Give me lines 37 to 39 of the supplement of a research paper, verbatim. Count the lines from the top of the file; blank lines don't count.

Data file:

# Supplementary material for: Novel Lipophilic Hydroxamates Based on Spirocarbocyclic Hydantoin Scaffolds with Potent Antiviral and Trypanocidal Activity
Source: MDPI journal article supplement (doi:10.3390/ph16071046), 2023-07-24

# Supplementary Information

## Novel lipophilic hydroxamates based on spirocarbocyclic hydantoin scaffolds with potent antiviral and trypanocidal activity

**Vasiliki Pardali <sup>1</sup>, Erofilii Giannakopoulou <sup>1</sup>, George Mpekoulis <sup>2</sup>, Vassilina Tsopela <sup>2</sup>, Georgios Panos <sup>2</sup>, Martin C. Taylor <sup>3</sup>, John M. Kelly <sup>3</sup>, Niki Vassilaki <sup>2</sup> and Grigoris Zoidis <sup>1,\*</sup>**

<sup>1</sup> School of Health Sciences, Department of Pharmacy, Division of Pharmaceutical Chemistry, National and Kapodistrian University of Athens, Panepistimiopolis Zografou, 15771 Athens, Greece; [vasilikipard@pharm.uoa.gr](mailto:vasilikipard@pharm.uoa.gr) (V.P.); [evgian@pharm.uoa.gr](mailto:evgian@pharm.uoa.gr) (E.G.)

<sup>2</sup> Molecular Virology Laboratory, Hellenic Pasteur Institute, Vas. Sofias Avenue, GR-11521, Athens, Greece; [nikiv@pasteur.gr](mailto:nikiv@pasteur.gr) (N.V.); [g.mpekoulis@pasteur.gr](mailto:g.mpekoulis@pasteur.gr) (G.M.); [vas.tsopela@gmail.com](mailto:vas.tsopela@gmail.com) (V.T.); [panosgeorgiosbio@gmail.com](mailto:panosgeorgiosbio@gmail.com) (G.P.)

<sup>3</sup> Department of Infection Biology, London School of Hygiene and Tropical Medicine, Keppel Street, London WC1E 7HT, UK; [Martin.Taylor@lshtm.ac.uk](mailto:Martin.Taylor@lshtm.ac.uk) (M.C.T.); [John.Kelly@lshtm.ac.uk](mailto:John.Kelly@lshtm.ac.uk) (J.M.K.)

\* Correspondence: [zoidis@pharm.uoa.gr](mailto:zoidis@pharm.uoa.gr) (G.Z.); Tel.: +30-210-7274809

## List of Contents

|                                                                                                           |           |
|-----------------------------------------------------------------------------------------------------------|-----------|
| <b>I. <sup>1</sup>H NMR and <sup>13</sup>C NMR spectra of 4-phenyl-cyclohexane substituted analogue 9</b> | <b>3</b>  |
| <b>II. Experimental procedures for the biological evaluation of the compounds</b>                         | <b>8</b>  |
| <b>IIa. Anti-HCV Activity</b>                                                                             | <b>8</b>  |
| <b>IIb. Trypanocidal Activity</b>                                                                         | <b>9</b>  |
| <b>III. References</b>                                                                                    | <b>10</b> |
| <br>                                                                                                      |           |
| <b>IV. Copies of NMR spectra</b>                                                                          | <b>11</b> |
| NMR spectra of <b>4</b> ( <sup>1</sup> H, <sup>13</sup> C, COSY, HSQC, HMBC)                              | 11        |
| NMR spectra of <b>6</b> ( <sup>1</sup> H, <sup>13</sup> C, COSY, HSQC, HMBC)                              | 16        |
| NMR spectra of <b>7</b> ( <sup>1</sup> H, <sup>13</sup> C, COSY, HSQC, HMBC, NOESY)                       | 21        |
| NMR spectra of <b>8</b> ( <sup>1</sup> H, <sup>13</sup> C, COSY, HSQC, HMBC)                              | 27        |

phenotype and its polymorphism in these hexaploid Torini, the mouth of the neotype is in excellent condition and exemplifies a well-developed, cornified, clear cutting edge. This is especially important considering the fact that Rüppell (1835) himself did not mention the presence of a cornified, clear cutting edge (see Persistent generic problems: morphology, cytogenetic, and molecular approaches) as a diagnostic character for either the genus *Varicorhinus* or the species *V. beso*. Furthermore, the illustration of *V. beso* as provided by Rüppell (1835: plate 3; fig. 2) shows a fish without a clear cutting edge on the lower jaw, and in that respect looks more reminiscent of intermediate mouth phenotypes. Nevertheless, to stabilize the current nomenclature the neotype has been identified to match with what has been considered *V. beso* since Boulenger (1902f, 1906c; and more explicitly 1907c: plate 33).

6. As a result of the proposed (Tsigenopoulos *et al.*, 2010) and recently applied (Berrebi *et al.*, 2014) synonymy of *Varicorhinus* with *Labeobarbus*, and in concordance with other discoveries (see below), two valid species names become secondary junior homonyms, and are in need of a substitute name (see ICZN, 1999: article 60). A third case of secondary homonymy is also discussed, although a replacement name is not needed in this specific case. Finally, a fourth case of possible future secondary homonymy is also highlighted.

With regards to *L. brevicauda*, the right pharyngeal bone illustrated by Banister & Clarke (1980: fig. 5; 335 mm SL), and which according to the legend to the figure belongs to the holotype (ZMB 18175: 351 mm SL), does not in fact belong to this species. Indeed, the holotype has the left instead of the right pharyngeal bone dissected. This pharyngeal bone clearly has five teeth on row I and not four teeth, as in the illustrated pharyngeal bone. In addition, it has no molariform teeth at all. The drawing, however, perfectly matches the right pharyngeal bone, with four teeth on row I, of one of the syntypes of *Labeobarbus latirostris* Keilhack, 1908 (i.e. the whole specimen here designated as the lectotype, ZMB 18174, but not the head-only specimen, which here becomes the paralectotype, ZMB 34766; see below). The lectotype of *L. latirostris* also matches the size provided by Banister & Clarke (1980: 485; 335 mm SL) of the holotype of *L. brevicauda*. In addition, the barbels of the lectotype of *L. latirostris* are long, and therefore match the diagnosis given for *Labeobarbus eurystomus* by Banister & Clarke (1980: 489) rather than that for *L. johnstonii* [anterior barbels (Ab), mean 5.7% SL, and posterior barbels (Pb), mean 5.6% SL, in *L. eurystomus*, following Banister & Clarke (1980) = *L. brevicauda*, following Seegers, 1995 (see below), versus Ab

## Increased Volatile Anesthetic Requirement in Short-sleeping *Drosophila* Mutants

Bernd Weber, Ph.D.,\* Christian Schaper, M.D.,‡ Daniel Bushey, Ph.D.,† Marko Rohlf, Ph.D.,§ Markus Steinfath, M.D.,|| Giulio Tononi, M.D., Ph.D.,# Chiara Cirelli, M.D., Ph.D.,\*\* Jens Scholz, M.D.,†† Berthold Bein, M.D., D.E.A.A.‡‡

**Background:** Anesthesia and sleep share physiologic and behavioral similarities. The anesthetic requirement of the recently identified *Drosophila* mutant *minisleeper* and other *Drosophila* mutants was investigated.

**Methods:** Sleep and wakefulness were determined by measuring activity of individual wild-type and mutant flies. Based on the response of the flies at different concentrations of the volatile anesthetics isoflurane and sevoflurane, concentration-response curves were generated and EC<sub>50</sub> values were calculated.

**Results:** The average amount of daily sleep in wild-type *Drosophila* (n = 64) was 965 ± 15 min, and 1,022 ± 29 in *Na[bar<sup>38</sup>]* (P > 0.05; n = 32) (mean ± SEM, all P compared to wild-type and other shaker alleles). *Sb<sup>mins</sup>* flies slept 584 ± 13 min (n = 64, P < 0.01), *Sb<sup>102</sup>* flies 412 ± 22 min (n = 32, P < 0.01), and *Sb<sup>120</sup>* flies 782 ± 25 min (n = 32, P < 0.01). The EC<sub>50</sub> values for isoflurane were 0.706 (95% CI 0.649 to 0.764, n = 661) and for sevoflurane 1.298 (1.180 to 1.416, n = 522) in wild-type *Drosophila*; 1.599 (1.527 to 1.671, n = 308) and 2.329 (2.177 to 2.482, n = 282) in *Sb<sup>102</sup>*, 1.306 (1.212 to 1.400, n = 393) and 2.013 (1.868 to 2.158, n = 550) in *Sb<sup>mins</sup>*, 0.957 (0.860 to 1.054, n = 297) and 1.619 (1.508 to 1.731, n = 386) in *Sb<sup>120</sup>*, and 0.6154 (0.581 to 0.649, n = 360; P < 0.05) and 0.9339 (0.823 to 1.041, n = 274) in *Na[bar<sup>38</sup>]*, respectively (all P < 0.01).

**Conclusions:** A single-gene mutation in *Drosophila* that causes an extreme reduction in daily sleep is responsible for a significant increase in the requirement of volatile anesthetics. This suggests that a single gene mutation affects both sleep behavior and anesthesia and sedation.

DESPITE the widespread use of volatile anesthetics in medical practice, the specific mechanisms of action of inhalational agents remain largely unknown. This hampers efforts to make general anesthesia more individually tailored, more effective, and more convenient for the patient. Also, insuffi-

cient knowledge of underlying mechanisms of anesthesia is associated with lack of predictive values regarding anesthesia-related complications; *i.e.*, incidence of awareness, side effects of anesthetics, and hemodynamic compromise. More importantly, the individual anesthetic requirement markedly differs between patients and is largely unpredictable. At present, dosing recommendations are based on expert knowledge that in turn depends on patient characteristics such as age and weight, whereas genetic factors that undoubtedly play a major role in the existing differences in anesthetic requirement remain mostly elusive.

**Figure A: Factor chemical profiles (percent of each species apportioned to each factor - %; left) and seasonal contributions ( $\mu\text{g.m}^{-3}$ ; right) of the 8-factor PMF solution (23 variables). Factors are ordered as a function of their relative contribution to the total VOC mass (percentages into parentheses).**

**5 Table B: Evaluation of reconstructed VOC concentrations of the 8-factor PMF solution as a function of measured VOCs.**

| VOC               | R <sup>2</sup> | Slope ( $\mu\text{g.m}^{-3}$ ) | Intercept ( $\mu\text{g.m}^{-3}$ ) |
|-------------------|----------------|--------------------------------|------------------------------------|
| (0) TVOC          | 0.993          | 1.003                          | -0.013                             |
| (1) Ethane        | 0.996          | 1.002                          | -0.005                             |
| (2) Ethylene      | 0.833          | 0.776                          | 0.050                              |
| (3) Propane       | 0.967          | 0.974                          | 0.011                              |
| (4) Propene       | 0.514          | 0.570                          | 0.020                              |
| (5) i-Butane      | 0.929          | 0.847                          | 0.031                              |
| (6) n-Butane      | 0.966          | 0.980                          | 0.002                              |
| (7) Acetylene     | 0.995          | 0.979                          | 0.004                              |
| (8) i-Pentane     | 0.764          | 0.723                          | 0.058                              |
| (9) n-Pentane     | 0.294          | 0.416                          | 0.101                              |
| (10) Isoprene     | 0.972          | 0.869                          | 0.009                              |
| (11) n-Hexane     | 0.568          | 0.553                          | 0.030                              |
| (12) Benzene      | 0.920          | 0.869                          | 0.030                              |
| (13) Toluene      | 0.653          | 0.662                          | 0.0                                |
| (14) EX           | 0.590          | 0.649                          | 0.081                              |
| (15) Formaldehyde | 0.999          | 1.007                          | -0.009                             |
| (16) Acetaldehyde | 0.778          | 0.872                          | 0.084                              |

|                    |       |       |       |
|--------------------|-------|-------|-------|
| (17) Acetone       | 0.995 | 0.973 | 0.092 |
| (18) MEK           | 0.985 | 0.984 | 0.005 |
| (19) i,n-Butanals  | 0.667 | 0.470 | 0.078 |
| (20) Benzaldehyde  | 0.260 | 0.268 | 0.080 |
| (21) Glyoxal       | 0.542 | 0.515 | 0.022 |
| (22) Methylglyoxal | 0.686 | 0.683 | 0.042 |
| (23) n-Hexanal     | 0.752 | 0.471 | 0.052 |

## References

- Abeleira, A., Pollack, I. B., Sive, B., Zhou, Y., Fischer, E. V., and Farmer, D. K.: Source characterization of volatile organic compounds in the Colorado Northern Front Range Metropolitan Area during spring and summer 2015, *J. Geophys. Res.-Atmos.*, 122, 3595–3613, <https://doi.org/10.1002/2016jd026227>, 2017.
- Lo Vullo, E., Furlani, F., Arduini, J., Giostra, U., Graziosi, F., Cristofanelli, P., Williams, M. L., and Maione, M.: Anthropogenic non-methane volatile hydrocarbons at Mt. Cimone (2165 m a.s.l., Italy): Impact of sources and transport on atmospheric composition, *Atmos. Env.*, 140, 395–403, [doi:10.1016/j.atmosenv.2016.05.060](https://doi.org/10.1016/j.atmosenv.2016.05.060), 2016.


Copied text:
| VOC               | R <sup>2</sup> | Slope ( $\mu\text{g.m}^{-3}$ ) | Intercept ( $\mu\text{g.m}^{-3}$ ) |
|-------------------|----------------|--------------------------------|------------------------------------|
| (0) TVOC          | 0.993          | 1.003                          | -0.013                             |